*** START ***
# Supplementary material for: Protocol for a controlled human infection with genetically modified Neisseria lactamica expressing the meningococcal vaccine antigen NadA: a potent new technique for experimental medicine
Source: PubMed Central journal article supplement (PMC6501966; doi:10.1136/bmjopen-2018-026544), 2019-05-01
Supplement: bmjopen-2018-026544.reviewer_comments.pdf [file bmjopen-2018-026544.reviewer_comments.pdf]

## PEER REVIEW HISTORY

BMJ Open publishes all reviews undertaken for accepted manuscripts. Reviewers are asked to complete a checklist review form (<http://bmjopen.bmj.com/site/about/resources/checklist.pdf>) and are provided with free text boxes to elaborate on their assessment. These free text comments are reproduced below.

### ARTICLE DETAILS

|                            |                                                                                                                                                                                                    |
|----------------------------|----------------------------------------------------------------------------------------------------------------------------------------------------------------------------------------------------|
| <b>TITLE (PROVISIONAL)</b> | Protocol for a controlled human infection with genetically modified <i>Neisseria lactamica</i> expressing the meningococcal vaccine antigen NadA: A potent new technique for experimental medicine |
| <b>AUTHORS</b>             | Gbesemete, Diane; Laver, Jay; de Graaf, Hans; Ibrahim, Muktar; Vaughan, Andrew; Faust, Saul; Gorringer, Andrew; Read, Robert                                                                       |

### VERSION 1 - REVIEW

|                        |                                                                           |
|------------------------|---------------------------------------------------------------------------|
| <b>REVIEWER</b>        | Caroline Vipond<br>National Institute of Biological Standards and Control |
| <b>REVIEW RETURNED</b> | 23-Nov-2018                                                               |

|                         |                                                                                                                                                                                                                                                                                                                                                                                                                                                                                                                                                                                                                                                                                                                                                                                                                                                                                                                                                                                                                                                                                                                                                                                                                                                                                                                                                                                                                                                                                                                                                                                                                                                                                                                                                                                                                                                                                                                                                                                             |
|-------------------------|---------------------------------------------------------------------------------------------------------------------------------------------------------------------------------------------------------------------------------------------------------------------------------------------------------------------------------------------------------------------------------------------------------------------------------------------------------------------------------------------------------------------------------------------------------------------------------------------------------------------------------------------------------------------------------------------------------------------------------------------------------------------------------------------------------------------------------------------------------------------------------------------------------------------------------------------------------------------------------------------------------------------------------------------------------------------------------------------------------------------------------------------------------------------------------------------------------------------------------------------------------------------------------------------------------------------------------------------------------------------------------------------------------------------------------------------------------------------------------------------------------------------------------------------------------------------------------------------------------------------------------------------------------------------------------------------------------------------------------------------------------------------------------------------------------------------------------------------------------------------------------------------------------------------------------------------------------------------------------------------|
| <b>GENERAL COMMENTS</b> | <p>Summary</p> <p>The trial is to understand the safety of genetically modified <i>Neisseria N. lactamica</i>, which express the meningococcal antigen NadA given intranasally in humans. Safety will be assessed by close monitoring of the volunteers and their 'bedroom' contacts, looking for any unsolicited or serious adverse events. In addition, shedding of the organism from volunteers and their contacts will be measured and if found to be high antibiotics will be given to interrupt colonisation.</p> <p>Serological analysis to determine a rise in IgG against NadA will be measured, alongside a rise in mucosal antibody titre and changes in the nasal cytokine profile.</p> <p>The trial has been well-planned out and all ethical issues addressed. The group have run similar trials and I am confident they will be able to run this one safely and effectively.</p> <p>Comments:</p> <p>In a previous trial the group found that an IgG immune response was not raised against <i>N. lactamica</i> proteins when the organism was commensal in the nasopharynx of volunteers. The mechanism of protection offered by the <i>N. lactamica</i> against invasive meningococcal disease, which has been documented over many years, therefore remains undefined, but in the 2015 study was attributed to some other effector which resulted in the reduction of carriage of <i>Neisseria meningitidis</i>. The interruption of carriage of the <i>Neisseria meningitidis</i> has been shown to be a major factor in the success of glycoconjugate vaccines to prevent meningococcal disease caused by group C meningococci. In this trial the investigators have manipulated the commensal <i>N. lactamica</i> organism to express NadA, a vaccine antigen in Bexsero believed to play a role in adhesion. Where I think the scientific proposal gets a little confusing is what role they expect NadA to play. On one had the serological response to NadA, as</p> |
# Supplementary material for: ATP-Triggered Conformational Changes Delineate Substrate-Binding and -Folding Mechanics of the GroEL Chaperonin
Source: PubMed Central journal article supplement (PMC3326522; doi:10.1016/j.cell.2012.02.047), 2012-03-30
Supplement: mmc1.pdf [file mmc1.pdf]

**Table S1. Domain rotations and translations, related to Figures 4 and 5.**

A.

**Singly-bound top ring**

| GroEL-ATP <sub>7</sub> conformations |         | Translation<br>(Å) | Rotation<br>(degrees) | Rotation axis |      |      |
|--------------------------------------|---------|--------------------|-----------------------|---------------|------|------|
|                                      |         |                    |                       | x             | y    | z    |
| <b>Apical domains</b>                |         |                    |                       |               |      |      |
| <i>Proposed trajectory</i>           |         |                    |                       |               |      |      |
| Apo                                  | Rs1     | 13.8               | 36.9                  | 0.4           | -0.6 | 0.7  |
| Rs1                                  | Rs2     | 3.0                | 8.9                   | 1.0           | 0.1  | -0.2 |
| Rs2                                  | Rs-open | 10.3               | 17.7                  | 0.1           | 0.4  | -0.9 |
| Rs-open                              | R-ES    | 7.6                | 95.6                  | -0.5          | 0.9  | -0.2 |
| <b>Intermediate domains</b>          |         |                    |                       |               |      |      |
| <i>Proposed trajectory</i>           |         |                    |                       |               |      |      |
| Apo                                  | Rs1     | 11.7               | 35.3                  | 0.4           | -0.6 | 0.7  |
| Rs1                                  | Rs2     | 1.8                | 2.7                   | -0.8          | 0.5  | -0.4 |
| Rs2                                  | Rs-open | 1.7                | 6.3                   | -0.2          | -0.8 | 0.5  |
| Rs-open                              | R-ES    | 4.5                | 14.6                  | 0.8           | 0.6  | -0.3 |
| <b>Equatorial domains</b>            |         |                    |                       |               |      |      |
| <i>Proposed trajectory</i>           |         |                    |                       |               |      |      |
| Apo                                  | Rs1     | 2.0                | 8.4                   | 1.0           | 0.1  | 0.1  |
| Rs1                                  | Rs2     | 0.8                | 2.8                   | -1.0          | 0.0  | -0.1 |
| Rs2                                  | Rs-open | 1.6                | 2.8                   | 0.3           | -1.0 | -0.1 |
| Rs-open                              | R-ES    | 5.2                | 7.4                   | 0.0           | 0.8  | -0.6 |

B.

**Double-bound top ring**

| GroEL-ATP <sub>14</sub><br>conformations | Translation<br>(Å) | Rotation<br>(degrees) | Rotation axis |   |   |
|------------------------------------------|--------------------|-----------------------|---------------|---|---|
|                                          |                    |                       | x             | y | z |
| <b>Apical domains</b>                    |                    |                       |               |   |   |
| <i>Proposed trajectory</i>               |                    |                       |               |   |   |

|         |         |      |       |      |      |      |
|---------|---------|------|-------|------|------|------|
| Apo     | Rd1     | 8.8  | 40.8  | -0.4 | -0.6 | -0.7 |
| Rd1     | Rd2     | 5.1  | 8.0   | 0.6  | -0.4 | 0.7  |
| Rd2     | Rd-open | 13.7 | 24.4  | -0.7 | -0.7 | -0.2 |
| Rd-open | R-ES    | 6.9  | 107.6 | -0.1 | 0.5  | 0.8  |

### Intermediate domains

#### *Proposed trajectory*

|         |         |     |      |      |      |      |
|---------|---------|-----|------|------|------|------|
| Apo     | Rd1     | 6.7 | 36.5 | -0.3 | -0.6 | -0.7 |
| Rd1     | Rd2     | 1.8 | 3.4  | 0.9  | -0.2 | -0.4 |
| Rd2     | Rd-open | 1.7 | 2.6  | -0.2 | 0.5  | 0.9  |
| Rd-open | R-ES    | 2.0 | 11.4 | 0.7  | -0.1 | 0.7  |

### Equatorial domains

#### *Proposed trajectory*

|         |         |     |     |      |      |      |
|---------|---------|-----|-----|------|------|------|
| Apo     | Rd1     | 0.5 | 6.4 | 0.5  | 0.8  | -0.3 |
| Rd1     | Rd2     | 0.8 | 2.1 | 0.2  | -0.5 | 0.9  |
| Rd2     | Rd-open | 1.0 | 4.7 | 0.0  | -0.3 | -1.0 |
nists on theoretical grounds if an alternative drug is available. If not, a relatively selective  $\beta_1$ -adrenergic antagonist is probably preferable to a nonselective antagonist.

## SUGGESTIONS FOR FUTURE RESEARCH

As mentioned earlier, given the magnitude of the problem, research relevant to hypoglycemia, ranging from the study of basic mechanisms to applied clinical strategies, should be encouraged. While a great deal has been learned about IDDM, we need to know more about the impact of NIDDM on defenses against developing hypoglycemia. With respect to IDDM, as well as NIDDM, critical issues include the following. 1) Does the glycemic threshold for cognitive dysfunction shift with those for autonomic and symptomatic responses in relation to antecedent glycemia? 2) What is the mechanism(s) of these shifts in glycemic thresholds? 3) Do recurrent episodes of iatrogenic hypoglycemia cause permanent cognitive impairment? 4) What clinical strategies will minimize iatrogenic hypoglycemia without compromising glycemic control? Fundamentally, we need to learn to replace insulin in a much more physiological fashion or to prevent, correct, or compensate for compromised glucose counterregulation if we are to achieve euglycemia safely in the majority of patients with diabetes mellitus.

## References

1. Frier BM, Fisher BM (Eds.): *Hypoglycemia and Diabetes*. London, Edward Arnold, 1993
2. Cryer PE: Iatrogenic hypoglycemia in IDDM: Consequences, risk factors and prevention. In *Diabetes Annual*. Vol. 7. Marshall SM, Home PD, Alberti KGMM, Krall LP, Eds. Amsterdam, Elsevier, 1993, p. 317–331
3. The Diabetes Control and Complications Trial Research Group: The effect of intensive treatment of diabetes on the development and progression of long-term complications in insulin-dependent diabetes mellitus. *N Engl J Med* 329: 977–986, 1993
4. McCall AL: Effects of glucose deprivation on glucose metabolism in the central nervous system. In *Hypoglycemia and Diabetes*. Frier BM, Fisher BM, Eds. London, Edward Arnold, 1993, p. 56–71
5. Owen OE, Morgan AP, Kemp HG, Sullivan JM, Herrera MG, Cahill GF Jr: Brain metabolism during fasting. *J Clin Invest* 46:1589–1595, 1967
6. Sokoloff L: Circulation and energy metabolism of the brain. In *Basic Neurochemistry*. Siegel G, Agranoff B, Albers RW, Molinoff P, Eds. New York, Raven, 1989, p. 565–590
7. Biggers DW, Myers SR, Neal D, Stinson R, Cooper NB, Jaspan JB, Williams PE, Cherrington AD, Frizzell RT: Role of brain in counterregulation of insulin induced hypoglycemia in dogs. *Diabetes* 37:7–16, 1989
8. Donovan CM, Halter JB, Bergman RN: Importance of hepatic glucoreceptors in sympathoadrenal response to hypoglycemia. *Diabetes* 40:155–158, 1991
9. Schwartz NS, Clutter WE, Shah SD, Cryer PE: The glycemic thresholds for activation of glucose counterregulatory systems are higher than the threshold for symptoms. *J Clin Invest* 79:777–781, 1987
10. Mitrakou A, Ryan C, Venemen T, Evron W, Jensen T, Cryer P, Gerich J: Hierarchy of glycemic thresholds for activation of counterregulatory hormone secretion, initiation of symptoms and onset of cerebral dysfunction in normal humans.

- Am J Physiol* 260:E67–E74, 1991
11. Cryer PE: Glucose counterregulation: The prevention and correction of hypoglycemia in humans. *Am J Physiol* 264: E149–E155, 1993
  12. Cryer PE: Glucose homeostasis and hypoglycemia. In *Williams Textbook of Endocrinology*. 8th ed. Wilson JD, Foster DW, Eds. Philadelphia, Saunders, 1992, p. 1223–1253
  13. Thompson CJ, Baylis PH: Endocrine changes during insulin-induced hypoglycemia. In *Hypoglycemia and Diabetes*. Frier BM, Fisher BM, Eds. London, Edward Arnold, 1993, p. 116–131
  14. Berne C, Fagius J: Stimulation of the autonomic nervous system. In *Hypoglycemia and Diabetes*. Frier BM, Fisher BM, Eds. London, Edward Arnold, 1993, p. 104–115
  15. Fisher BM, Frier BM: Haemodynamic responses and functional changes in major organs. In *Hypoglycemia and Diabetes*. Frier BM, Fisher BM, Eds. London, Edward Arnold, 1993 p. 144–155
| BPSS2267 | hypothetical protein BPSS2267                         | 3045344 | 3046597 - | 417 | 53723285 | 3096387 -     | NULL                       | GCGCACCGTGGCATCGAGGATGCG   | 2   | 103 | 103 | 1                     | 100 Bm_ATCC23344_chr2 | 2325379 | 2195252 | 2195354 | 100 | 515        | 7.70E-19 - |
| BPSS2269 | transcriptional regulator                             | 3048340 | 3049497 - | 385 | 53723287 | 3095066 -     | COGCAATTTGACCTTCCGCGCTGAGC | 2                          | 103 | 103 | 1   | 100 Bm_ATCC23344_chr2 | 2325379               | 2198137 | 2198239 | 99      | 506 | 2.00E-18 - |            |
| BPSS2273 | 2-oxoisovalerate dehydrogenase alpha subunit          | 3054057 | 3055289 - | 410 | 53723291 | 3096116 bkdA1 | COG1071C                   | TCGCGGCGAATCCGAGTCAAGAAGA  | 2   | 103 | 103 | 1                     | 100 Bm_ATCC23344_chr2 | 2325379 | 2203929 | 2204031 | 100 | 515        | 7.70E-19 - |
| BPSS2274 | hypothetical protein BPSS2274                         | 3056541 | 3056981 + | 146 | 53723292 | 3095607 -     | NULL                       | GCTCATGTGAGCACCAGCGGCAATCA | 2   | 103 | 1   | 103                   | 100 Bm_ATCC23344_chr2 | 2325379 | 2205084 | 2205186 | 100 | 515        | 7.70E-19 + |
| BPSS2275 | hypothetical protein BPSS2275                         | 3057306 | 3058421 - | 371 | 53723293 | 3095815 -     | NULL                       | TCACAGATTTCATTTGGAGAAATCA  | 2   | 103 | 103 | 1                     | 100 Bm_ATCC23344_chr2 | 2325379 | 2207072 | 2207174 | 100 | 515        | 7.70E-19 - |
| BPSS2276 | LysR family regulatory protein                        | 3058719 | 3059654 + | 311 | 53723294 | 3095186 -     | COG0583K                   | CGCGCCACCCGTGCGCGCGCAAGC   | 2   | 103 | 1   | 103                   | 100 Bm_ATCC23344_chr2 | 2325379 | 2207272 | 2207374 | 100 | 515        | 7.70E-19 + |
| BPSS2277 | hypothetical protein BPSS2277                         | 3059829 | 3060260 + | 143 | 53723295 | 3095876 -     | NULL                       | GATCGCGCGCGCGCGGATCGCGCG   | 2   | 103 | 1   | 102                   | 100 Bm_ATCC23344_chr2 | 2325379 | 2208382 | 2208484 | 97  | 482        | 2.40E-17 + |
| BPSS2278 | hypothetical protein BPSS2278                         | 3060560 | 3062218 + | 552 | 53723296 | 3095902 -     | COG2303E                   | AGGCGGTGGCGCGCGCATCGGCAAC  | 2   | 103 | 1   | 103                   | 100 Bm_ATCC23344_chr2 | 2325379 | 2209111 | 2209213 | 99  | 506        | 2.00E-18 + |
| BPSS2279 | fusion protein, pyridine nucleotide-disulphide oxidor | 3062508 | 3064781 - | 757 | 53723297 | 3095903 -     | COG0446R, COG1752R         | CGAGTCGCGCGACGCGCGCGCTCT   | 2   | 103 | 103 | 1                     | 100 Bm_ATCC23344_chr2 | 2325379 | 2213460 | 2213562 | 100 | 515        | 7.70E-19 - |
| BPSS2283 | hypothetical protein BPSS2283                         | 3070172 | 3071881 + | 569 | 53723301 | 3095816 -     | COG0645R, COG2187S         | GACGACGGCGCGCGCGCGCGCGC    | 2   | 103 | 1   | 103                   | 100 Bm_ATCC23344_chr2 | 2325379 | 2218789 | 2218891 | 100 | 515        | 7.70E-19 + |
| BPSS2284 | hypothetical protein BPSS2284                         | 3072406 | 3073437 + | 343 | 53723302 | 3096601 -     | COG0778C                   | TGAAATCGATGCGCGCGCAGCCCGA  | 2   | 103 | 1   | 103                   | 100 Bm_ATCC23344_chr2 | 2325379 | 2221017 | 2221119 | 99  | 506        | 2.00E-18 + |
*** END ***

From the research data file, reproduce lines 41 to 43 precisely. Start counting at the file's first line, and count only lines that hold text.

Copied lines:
| <i>Proposed trajectory</i>           |         |                    |                       |               |      |      |
| Apo                                  | Rs1     | 2.0                | 8.4                   | 1.0           | 0.1  | 0.1  |
| Rs1                                  | Rs2     | 0.8                | 2.8                   | -1.0          | 0.0  | -0.1 |